The ecology and evolution of floral form and function in Clarkia unguiculata.
NCEAS Data Science Fellow
The majority of flowering plant species rely on the services of pollinators to reproduce. Plant-pollinator relationships are critical for the maintenance of terrestrial biodiversity and ecosystem function. Additionally, the production of >75% of the human food supply depends on the strength and reliability of pollination services. Therefore, floral traits that influence pollinator attraction are of particular importance to the continued survival of wild and agricultural species, and of particular interest to ecologists and evolutionary biologists. An important goal of biology today is to determine the traits that influence the pollinator-plant relationship and successful plant reproduction in general. Wild plants must attract pollinators and survive a wide range of climatic conditions if they are, respectively, to reproduce and to persist into the future. Global climate change is changing the selective pressures that wild populations encounter and having profound effects on the ability of wild plant species to survive in their current habitats. Relatively little is known about how the attributes and functions of the species that persist will evolve as they adapt to future climate conditions.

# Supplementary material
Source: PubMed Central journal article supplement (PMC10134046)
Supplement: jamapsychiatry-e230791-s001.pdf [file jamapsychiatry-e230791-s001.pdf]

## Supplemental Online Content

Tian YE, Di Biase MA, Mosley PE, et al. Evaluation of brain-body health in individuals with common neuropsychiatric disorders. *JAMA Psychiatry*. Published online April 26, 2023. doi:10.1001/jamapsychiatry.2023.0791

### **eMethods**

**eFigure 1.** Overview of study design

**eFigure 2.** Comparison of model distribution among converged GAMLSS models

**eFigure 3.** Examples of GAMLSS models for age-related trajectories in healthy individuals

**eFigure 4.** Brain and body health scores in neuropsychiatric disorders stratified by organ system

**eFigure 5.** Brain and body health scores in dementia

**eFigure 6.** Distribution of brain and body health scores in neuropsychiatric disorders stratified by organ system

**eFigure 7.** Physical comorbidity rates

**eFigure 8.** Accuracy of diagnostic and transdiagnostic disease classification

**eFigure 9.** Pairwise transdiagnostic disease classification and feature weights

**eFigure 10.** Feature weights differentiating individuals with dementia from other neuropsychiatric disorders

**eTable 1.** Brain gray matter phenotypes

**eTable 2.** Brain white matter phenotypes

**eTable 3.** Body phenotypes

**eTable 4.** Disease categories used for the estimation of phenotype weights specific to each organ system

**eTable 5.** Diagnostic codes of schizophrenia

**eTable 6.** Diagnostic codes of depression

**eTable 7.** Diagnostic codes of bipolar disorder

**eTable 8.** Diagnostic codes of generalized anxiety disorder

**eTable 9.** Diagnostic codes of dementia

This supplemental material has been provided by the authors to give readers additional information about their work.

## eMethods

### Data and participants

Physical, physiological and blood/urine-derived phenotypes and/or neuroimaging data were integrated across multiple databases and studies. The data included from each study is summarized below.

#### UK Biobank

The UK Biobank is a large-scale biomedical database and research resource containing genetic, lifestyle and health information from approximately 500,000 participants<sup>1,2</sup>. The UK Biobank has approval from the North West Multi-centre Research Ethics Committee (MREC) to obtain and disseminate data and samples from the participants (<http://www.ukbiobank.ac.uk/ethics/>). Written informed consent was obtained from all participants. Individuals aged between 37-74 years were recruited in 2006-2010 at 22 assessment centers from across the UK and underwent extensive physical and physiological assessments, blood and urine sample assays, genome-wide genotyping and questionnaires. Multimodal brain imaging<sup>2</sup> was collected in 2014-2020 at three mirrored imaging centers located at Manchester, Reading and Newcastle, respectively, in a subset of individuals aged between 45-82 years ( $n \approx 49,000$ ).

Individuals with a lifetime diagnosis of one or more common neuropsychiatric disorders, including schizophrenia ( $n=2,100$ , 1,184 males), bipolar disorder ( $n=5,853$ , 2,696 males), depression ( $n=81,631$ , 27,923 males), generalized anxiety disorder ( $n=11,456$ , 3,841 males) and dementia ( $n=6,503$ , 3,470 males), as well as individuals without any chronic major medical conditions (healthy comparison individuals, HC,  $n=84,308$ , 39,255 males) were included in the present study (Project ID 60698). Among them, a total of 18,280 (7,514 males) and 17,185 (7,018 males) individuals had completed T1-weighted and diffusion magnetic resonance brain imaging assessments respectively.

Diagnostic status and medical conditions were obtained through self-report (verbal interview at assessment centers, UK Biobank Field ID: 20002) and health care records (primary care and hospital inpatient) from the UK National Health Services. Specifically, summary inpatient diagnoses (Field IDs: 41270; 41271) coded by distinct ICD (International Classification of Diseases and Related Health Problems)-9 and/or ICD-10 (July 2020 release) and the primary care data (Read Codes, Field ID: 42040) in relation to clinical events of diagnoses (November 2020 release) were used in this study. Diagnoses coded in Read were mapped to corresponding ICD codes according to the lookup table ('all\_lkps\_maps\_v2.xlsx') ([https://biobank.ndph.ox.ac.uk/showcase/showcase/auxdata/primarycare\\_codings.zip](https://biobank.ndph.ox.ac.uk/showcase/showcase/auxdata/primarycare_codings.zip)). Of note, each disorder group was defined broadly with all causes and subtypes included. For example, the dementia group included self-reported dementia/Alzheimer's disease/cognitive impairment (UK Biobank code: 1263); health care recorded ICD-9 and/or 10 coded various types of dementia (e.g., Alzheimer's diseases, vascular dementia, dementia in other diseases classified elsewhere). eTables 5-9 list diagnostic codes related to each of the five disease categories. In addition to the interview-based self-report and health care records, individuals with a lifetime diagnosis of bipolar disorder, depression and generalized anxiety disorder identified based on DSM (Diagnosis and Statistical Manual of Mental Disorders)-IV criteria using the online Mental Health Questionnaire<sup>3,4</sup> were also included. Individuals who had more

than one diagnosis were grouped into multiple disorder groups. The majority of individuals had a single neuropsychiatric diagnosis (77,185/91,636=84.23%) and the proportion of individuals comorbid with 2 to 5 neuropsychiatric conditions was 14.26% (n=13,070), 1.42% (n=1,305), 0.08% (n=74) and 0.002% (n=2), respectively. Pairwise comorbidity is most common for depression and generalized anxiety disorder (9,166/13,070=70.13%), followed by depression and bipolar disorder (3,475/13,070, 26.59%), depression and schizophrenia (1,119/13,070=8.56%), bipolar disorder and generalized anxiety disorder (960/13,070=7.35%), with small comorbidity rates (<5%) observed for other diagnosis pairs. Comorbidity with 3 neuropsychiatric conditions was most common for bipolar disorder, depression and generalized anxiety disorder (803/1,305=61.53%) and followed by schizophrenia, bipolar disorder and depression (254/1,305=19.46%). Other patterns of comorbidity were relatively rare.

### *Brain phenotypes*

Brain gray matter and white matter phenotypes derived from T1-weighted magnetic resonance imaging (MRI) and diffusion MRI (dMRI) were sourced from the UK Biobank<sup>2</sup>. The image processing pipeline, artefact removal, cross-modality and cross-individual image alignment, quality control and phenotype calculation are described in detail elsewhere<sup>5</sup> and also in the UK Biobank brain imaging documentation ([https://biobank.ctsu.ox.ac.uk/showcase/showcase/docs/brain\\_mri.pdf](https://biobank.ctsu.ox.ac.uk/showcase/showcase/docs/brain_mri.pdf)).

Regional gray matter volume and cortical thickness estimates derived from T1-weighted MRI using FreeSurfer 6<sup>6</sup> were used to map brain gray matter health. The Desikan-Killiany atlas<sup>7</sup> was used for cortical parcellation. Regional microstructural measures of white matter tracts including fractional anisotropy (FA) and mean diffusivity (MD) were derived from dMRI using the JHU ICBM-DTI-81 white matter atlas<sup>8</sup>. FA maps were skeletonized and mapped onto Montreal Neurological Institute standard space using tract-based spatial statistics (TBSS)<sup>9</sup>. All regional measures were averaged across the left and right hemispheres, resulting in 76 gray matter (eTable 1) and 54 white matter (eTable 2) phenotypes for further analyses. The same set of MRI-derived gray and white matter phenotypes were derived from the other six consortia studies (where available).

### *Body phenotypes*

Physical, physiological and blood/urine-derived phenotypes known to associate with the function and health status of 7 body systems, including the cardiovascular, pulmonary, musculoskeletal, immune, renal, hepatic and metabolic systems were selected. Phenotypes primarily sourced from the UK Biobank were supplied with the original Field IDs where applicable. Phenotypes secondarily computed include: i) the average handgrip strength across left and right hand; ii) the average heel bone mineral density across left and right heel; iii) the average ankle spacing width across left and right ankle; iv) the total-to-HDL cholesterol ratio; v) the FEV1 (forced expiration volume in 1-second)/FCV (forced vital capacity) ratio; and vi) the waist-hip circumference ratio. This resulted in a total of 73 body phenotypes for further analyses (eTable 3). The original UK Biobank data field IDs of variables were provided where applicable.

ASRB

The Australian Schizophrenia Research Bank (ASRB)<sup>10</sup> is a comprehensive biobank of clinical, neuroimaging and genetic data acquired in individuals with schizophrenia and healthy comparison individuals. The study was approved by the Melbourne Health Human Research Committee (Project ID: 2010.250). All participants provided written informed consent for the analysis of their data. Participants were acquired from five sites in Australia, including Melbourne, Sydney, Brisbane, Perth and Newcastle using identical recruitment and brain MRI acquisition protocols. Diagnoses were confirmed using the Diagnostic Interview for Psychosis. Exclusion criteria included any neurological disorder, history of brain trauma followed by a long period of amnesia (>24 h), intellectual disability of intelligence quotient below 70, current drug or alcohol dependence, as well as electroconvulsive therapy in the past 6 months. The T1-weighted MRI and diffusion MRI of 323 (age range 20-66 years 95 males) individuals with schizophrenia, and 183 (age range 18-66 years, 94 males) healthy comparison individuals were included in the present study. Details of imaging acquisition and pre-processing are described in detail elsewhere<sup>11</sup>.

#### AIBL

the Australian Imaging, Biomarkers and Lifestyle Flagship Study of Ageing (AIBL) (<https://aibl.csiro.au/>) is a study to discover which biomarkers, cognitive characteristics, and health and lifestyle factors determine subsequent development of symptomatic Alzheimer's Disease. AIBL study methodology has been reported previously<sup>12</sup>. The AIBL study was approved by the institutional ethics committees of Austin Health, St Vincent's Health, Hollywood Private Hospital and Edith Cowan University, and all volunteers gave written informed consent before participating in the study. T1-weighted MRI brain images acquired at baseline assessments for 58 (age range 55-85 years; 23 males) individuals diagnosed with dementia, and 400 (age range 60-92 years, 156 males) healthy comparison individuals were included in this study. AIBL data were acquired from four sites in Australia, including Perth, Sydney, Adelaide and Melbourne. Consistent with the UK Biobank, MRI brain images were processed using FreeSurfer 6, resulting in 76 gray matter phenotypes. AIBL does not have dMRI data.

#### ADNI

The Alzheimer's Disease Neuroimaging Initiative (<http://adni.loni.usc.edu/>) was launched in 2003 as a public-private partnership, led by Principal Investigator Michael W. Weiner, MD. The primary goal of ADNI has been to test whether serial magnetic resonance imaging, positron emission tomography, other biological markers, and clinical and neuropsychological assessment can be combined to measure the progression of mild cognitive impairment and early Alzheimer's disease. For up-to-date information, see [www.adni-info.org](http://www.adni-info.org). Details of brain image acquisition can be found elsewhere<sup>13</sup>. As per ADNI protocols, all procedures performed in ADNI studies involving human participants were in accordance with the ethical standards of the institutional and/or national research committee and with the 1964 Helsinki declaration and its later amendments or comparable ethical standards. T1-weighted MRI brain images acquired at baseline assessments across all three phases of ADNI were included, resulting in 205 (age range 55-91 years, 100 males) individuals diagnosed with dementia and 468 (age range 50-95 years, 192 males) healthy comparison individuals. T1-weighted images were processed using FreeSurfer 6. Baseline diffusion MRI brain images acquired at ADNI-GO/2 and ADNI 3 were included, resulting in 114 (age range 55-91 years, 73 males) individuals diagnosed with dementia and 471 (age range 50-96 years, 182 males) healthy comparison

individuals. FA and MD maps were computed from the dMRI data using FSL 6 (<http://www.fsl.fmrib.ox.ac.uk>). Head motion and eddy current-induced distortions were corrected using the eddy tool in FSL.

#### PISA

My research has focused on identifying functional traits in Clarkia unguiculata (Onagraceae), that influence pollinator attraction and reproduction, and, in particular, the attributes that facilitate reproduction in stressful abiotic environments. In addition, I have discovered and quantified geographic variation in several floral traits that appear to have evolved in response to pollinator preferences, local abiotic conditions, or both. This work contributes to our understanding of the effects of current and future environmental conditions on physical and genetic attributes of a wild California native plant species.